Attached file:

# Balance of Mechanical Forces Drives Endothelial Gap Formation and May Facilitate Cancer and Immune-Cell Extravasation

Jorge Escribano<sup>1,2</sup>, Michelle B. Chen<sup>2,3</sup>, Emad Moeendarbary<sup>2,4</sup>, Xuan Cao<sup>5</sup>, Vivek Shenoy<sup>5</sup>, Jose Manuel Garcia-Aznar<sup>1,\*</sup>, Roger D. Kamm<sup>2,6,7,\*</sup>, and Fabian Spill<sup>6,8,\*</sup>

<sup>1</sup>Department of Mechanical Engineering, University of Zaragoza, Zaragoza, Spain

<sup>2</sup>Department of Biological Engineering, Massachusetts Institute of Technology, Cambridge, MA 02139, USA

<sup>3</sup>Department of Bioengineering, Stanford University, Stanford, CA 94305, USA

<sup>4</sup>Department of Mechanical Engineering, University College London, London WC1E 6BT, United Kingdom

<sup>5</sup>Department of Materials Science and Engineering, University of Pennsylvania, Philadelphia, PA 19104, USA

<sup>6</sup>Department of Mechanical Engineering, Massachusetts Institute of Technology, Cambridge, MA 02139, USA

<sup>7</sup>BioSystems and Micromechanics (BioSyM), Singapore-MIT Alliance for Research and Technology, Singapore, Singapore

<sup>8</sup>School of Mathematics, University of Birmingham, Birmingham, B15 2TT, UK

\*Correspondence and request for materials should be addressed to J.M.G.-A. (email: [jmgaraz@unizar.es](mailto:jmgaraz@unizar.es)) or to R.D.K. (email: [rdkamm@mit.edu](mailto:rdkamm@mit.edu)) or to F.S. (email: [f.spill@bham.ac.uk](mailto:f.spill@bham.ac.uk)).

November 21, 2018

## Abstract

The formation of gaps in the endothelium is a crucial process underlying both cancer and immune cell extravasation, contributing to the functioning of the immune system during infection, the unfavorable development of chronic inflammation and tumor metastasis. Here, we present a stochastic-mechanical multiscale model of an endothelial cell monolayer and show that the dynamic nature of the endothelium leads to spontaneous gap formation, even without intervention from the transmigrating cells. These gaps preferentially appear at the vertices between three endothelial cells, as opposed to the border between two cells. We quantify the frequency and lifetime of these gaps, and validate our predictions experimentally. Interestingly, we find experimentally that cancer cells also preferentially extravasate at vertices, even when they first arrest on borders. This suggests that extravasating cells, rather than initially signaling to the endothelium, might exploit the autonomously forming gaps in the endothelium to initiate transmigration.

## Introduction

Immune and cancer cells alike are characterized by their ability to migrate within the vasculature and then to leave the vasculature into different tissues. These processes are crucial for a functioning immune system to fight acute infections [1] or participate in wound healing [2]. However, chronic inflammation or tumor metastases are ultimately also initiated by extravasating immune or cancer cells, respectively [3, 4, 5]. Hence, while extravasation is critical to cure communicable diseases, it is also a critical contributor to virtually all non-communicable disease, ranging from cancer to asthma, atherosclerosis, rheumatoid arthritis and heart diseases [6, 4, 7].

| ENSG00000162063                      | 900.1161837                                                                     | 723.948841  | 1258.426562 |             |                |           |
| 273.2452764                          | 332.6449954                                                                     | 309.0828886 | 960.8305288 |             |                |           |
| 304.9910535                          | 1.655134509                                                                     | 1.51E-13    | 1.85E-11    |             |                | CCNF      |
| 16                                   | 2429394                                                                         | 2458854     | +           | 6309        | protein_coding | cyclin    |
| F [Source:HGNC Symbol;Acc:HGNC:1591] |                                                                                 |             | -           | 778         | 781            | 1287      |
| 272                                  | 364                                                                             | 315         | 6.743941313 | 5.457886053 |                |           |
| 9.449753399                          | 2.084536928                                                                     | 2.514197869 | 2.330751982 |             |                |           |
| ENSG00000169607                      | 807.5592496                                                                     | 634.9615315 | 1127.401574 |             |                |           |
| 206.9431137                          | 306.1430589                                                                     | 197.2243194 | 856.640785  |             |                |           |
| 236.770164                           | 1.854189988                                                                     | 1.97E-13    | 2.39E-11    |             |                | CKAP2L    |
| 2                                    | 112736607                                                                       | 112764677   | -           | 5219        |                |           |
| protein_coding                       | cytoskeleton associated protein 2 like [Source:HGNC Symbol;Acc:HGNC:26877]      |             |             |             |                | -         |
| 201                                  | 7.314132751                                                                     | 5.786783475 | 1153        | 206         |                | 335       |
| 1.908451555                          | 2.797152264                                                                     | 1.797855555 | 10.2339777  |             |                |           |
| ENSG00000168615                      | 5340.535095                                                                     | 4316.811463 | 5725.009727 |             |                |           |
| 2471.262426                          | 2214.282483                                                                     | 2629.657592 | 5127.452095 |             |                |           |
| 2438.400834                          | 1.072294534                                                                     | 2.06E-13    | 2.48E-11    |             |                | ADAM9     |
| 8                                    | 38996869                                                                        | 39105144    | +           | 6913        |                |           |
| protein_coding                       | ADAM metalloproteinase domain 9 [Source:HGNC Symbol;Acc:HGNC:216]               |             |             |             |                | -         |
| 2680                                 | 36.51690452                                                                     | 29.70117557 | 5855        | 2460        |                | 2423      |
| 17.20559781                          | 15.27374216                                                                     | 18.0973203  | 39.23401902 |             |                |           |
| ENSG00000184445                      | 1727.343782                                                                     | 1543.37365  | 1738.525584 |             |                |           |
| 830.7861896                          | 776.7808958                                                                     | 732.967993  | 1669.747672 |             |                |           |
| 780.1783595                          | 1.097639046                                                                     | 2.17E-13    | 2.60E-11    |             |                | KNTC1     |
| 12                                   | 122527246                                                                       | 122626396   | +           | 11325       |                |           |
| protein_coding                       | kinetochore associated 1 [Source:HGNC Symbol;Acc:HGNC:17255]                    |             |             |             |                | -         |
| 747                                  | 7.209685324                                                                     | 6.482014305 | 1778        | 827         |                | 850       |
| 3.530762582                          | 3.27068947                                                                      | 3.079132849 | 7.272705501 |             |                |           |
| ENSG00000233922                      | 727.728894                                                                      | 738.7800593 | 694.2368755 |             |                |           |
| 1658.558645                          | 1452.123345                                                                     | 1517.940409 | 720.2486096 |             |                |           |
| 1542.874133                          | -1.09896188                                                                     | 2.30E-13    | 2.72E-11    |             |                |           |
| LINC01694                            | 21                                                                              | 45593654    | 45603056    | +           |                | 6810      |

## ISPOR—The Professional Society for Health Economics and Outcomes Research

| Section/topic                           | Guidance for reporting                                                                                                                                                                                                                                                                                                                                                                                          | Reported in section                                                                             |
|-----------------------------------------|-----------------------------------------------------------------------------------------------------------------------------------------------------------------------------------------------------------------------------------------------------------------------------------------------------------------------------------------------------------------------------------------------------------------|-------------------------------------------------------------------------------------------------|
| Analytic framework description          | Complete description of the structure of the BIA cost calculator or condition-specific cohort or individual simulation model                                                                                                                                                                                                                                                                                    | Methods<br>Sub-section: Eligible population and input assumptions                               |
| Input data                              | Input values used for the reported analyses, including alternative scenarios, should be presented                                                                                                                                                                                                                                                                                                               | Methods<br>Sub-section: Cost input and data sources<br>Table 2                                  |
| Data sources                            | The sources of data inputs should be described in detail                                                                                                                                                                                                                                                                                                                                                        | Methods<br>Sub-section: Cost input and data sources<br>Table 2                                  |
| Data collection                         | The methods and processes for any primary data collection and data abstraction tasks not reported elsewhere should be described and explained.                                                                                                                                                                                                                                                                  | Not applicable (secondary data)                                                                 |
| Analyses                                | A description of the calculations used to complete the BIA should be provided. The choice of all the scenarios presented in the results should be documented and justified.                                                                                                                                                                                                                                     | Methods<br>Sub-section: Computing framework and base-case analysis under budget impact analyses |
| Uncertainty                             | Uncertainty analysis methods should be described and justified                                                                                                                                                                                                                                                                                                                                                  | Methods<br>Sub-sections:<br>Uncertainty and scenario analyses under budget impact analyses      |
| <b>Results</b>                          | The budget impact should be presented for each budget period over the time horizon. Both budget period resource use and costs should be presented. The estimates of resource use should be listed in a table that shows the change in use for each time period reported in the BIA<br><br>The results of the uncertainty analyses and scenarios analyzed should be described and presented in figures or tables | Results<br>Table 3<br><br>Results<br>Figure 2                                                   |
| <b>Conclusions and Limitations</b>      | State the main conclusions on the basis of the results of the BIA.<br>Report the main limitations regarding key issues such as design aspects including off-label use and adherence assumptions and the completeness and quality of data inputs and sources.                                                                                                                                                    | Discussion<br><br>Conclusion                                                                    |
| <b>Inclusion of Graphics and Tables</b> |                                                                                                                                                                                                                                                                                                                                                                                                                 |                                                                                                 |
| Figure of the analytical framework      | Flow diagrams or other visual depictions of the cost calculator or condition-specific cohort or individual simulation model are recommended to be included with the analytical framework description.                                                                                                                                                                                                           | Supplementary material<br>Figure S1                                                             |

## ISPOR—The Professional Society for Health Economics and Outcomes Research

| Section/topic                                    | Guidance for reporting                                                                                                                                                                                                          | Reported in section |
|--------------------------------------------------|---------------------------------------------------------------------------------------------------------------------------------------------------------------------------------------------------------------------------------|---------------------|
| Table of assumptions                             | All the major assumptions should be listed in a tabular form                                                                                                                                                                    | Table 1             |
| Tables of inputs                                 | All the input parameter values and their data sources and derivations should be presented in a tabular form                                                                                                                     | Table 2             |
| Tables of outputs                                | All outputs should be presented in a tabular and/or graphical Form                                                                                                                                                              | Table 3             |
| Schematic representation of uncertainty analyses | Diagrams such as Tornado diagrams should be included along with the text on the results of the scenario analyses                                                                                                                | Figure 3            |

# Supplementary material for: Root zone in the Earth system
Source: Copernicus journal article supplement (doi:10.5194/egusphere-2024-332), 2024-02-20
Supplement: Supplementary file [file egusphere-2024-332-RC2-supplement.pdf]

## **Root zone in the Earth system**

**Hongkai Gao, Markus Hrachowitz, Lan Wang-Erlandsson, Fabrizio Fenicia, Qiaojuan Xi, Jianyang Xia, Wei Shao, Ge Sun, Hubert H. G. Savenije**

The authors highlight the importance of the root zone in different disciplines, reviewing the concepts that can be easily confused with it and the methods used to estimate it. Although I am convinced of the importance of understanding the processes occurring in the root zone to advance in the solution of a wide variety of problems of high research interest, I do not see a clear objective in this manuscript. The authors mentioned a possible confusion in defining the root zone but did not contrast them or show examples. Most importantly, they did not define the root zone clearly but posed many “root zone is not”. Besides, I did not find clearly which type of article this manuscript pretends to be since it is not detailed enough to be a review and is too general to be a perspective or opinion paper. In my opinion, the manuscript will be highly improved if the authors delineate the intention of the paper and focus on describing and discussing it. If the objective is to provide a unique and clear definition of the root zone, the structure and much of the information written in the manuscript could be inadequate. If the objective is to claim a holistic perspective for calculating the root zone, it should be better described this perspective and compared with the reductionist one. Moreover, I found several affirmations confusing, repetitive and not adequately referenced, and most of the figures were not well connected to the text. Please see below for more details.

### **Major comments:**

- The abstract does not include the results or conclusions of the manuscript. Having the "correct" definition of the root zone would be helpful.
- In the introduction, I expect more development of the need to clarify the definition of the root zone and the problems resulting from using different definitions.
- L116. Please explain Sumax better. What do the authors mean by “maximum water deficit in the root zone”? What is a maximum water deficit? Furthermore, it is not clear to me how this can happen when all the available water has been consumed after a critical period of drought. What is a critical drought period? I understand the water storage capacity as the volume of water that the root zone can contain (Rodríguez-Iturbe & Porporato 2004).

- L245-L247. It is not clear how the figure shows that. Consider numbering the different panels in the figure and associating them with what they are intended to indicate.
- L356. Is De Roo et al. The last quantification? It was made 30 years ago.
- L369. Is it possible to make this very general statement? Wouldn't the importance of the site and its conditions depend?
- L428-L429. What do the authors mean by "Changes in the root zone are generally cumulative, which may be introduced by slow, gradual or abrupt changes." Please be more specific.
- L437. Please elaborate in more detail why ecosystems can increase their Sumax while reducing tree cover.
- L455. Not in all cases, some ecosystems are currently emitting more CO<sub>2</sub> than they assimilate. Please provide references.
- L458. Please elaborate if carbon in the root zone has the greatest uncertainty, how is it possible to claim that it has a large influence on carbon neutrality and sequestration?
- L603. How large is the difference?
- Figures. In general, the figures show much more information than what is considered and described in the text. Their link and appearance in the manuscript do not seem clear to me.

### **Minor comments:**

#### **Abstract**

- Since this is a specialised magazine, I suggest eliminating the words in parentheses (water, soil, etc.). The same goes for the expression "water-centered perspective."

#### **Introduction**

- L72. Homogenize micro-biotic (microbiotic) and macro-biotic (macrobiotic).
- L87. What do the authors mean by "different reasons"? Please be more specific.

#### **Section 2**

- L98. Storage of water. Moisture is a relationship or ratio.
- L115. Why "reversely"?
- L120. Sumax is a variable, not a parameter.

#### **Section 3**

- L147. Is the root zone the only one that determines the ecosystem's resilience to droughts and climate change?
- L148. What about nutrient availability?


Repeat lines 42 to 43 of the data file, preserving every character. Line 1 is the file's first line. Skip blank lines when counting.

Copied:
| protein_coding                       | kinetochore associated 1 [Source:HGNC Symbol;Acc:HGNC:17255]                    |             |             |             |                | -         |
| 747                                  | 7.209685324                                                                     | 6.482014305 | 1778        | 827         |                | 850       |